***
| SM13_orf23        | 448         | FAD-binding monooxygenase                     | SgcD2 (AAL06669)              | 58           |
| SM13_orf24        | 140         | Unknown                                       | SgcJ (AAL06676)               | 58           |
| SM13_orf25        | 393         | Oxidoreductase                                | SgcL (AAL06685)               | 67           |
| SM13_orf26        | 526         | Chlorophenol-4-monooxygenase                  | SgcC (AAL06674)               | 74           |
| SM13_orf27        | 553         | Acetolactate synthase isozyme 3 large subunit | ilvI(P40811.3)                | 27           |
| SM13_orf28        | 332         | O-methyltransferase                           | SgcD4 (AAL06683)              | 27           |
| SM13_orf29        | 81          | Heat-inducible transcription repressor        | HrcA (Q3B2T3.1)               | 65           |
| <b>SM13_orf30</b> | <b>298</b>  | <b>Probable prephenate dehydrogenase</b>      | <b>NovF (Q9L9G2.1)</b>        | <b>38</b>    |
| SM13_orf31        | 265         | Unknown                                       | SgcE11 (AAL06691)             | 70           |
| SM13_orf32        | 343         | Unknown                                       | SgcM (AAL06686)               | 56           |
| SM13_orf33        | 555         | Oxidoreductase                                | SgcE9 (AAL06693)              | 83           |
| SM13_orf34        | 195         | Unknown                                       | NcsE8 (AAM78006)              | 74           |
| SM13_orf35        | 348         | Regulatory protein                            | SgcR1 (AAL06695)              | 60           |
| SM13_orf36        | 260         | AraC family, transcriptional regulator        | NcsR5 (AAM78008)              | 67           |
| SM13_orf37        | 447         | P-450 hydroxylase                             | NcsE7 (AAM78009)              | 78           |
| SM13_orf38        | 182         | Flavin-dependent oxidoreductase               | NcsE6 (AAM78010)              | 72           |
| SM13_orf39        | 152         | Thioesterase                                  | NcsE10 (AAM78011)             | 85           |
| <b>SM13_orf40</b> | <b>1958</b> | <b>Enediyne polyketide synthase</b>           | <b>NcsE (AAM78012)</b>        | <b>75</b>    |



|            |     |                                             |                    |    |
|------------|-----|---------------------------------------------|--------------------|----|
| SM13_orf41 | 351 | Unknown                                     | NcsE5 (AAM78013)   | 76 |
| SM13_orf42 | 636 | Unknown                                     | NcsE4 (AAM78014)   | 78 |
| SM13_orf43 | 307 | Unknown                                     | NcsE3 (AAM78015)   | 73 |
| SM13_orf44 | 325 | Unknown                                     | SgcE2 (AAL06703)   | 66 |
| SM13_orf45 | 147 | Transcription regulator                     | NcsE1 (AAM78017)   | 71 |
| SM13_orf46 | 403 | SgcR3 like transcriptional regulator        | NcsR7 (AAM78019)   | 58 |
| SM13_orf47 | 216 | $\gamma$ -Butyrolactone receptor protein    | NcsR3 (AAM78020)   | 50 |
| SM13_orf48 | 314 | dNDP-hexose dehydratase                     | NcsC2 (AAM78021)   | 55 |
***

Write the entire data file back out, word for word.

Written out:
| SM13_orf23        | 448         | FAD-binding monooxygenase                     | SgcD2 (AAL06669)              | 58           |
| SM13_orf24        | 140         | Unknown                                       | SgcJ (AAL06676)               | 58           |
| SM13_orf25        | 393         | Oxidoreductase                                | SgcL (AAL06685)               | 67           |
| SM13_orf26        | 526         | Chlorophenol-4-monooxygenase                  | SgcC (AAL06674)               | 74           |
| SM13_orf27        | 553         | Acetolactate synthase isozyme 3 large subunit | ilvI(P40811.3)                | 27           |
| SM13_orf28        | 332         | O-methyltransferase                           | SgcD4 (AAL06683)              | 27           |
| SM13_orf29        | 81          | Heat-inducible transcription repressor        | HrcA (Q3B2T3.1)               | 65           |
| <b>SM13_orf30</b> | <b>298</b>  | <b>Probable prephenate dehydrogenase</b>      | <b>NovF (Q9L9G2.1)</b>        | <b>38</b>    |
| SM13_orf31        | 265         | Unknown                                       | SgcE11 (AAL06691)             | 70           |
| SM13_orf32        | 343         | Unknown                                       | SgcM (AAL06686)               | 56           |
| SM13_orf33        | 555         | Oxidoreductase                                | SgcE9 (AAL06693)              | 83           |
| SM13_orf34        | 195         | Unknown                                       | NcsE8 (AAM78006)              | 74           |
| SM13_orf35        | 348         | Regulatory protein                            | SgcR1 (AAL06695)              | 60           |
| SM13_orf36        | 260         | AraC family, transcriptional regulator        | NcsR5 (AAM78008)              | 67           |
| SM13_orf37        | 447         | P-450 hydroxylase                             | NcsE7 (AAM78009)              | 78           |
| SM13_orf38        | 182         | Flavin-dependent oxidoreductase               | NcsE6 (AAM78010)              | 72           |
| SM13_orf39        | 152         | Thioesterase                                  | NcsE10 (AAM78011)             | 85           |
| <b>SM13_orf40</b> | <b>1958</b> | <b>Enediyne polyketide synthase</b>           | <b>NcsE (AAM78012)</b>        | <b>75</b>    |



|            |     |                                             |                    |    |
|------------|-----|---------------------------------------------|--------------------|----|
| SM13_orf41 | 351 | Unknown                                     | NcsE5 (AAM78013)   | 76 |
| SM13_orf42 | 636 | Unknown                                     | NcsE4 (AAM78014)   | 78 |
| SM13_orf43 | 307 | Unknown                                     | NcsE3 (AAM78015)   | 73 |
| SM13_orf44 | 325 | Unknown                                     | SgcE2 (AAL06703)   | 66 |
| SM13_orf45 | 147 | Transcription regulator                     | NcsE1 (AAM78017)   | 71 |
| SM13_orf46 | 403 | SgcR3 like transcriptional regulator        | NcsR7 (AAM78019)   | 58 |
| SM13_orf47 | 216 | $\gamma$ -Butyrolactone receptor protein    | NcsR3 (AAM78020)   | 50 |
| SM13_orf48 | 314 | dNDP-hexose dehydratase                     | NcsC2 (AAM78021)   | 55 |